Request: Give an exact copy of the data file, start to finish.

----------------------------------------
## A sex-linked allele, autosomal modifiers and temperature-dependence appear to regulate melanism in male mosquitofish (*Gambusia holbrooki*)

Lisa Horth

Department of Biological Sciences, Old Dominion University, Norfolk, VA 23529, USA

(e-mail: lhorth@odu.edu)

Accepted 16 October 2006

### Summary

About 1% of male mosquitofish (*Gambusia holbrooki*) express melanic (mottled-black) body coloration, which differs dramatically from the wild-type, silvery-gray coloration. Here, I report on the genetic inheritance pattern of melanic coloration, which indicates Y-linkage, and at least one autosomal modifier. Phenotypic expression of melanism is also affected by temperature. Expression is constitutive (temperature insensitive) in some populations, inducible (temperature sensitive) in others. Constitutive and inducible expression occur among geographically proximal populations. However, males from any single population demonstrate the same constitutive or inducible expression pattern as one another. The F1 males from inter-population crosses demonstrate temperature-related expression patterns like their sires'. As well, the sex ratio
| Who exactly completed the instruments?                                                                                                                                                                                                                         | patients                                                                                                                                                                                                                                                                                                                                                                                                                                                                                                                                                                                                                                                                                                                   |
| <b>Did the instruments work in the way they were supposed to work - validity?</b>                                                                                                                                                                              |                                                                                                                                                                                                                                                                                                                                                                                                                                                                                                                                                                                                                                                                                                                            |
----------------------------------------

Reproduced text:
## A sex-linked allele, autosomal modifiers and temperature-dependence appear to regulate melanism in male mosquitofish (*Gambusia holbrooki*)

Lisa Horth

Department of Biological Sciences, Old Dominion University, Norfolk, VA 23529, USA

(e-mail: lhorth@odu.edu)

Accepted 16 October 2006

### Summary

About 1% of male mosquitofish (*Gambusia holbrooki*) express melanic (mottled-black) body coloration, which differs dramatically from the wild-type, silvery-gray coloration. Here, I report on the genetic inheritance pattern of melanic coloration, which indicates Y-linkage, and at least one autosomal modifier. Phenotypic expression of melanism is also affected by temperature. Expression is constitutive (temperature insensitive) in some populations, inducible (temperature sensitive) in others. Constitutive and inducible expression occur among geographically proximal populations. However, males from any single population demonstrate the same constitutive or inducible expression pattern as one another. The F1 males from inter-population crosses demonstrate temperature-related expression patterns like their sires'. As well, the sex ratio
| Who exactly completed the instruments?                                                                                                                                                                                                                         | patients                                                                                                                                                                                                                                                                                                                                                                                                                                                                                                                                                                                                                                                                                                                   |
| <b>Did the instruments work in the way they were supposed to work - validity?</b>                                                                                                                                                                              |                                                                                                                                                                                                                                                                                                                                                                                                                                                                                                                                                                                                                                                                                                                            |